A shortage of medical supplies and hospital beds in Italy is forcing doctors to choose which coronavirus patients to save - and they're choosing the young.
REUTERS/Flavio Lo Scalzo
- A shortage of medical supplies and hospital beds in Italy is forcing doctors to have to choose which coronavirus patients to save.
- Right now, the young and otherwise healthy are treated as priority.
- Italy is on lockdown as more than 9,000 people have been diagnosed with the new coronavirus.
- Visit Business Insider's homepage for more stories.
As the number of coronavirus patients continue to rise in Italy, with a majority of the cases in Lombardy, anesthesiologists and doctors are being forced to make tough calls about who to treat first, according to Politico.
Right now, doctors are prioritizing the young, and otherwise healthy, because they have the greatest chance of survival, Politico reported.
"We do not want to discriminate," Luigi Riccioni, an anesthesiologist and head of the ethical committee of Siiarti, told Politico. "We are aware that the body of an extremely fragile patient is unable to tolerate certain treatments compared to that of a healthy person."
Riccioni co-authored new guidelines on how to prioritize treatment of coronavirus cases in hospitals.
Italian Prime Minister Giuseppe Conte put all of Italy under strict lockdown from Tuesday onward after the country's infections zoomed past 9,100 on Monday.
The country's 60 million citizens now face restrictions on all aspects of life, including retail, leisure, worship, and travel.
In hospitals, workers are scrambling to meet the demand, and increase the number of beds available in intensive care units, according to Politico.
Doctors, some of whom are picking up the extra shifts of colleagues who have fallen ill, are under high pressure.
In an interview in the Italian daily Corriere della Sera Monday, anesthesiologist Christian Salaroli compared the situation in hospitals to wartime.
"We decide based on age, and on health conditions. Just like all war situations," he told the paper in Italian. "It's not me that decides, but the book manuals we studied."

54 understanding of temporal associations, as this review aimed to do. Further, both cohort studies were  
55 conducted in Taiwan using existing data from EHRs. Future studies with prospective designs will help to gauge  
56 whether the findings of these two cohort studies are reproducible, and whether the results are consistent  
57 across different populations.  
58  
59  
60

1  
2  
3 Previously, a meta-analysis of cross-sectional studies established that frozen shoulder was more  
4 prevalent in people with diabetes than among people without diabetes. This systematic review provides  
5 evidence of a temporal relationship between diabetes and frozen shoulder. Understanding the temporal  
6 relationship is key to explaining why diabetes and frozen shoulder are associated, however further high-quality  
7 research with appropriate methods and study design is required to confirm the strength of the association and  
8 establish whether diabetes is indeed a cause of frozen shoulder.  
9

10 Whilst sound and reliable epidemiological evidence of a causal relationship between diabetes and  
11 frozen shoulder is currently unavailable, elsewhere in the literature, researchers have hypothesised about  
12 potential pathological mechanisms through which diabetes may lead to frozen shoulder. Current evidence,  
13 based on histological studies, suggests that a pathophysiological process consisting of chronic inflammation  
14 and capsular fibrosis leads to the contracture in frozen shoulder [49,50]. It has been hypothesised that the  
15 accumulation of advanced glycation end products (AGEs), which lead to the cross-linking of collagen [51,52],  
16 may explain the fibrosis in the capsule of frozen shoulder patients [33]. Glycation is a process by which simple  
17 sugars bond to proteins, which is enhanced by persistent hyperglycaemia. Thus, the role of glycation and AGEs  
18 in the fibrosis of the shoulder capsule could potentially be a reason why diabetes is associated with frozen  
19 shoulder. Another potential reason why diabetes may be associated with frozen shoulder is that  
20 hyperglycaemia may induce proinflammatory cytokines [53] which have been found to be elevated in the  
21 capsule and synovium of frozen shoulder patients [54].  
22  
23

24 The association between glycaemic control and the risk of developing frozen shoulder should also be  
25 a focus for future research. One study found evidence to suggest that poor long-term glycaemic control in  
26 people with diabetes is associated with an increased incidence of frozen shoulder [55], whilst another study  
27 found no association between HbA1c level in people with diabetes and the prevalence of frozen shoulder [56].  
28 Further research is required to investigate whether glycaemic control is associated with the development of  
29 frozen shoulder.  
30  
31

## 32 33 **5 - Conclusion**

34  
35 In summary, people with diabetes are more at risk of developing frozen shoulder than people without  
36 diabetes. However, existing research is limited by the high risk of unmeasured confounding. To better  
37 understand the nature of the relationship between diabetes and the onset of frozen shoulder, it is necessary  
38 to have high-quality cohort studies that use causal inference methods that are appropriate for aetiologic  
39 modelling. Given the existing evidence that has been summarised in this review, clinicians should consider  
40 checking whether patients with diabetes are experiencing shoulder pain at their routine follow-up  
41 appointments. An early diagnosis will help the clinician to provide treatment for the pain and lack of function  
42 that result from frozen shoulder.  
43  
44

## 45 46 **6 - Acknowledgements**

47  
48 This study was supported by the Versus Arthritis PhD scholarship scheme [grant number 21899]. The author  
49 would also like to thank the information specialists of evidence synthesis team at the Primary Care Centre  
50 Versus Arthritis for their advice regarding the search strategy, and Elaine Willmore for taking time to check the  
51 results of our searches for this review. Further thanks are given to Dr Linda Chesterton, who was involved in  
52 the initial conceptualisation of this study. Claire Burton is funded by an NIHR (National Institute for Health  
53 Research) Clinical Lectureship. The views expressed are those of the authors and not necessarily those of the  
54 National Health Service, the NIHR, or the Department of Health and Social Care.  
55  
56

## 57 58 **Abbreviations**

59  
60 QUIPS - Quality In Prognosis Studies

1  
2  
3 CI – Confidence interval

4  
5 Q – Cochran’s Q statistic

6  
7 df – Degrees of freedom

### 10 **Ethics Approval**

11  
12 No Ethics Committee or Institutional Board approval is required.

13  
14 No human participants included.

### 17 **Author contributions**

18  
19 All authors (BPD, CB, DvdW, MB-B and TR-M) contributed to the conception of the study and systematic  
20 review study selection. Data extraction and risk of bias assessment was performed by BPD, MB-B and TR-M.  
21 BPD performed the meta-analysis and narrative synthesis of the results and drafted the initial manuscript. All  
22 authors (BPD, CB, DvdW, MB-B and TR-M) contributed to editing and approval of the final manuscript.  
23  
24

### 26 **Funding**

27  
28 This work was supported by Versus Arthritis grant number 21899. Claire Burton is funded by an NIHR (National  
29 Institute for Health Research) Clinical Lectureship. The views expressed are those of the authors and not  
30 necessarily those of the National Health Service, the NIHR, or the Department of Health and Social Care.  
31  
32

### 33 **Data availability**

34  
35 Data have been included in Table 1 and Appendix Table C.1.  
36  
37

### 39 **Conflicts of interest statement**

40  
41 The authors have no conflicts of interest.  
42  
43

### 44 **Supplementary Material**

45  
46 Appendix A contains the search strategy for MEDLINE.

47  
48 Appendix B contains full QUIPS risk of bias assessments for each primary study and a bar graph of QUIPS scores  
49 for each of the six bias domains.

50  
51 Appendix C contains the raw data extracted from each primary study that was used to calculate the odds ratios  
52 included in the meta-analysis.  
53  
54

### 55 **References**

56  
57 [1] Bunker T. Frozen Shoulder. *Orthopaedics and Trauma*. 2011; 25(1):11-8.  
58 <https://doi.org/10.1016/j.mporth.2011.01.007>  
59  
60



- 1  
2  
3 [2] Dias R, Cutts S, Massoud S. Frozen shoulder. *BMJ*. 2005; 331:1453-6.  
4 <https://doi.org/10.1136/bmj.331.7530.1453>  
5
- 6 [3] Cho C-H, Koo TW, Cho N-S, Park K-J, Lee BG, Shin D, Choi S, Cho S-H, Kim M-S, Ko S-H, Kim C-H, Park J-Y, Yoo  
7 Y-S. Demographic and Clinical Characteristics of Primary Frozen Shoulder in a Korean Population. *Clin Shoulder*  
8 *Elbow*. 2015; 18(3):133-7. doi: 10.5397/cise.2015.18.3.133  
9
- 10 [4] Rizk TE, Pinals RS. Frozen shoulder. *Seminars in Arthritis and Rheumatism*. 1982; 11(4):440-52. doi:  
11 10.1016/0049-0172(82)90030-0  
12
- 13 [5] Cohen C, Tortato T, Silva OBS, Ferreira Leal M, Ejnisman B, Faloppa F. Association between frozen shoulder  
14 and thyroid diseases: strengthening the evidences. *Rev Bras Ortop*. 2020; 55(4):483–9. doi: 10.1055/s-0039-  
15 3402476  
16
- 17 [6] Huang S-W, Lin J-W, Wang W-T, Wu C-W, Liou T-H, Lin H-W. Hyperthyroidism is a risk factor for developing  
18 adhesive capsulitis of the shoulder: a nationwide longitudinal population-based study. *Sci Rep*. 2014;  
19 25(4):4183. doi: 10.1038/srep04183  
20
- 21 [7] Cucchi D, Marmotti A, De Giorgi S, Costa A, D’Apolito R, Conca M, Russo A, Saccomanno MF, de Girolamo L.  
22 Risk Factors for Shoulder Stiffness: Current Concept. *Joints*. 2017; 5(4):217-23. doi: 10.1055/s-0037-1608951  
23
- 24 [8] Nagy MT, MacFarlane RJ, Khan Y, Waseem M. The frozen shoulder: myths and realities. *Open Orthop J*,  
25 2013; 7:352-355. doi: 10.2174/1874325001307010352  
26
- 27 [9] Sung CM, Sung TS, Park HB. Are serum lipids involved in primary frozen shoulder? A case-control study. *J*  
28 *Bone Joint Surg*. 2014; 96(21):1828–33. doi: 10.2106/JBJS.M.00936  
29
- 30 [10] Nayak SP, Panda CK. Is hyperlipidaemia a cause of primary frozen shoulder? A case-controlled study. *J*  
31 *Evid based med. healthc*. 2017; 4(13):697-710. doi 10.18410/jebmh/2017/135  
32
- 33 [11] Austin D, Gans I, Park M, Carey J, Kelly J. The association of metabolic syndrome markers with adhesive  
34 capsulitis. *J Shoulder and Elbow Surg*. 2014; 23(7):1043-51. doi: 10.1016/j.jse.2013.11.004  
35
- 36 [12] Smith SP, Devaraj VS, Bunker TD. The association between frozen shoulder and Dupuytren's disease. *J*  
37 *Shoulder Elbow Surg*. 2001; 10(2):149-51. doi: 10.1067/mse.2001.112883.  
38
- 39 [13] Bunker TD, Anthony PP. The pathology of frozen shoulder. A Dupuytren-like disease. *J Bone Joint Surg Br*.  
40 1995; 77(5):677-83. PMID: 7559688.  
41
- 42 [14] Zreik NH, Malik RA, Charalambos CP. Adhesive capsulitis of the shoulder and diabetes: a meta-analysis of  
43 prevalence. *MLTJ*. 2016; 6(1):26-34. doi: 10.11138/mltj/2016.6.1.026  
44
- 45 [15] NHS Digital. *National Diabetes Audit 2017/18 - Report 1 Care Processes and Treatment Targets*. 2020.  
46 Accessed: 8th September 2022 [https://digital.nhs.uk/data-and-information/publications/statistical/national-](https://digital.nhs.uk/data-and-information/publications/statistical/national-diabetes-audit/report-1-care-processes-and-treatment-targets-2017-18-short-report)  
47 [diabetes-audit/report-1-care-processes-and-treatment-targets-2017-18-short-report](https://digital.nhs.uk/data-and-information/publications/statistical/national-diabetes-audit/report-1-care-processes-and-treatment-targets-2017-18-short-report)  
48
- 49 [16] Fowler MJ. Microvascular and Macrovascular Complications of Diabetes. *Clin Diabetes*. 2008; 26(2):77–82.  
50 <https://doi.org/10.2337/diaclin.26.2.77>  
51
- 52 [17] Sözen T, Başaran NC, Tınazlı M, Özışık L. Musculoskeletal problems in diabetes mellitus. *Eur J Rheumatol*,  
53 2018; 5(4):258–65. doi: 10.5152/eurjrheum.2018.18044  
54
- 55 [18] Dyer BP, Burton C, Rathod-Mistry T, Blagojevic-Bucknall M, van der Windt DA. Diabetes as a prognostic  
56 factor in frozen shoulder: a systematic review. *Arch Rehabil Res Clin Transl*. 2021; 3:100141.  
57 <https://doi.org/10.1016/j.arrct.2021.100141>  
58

Salaroli went on to say that if a patient comes into the hospital with severe respiratory failure, it's likely that the doctor "won't go ahead" with treatment.
Business Insider's Claudia Romeo provided translation for this article.
Featured Digital Health Articles:
- Telehealth Industry: Benefits, Services & Examples
- Value-Based Care Model: Pay-for-Performance Healthcare
- Senior Care & Assisted Living Market Trends
- Smart Medical Devices: Wearable Tech in Healthcare
- AI in Healthcare
- Remote Patient Monitoring Industry: Devices & Market Trends
- Google just developed an AI model that creates music from text prompts — but the company won't be releasing it anytime soon
- Mark Zuckerberg reportedly said he doesn't like seeing 'managers managing managers,' fueling speculation of more layoffs
- ChatGPT creator OpenAI might be training its AI technology to replace some software engineers, report says
- Pesticides in breast milk led to death of 111 newborns, says study by Lucknow's Queen Mary Hospital
- India budget expectations: Reform in ESOP taxes, allocations needed to address skill gaps
- CPP Investments commits $205 mn to Indospace's new fund for building industrial, logistic parks in India
- DetectGPT to help teachers detect content generated using ChatGPT by students
- Air India to use cloud software app to facilitate real-time reporting of in-flight incidents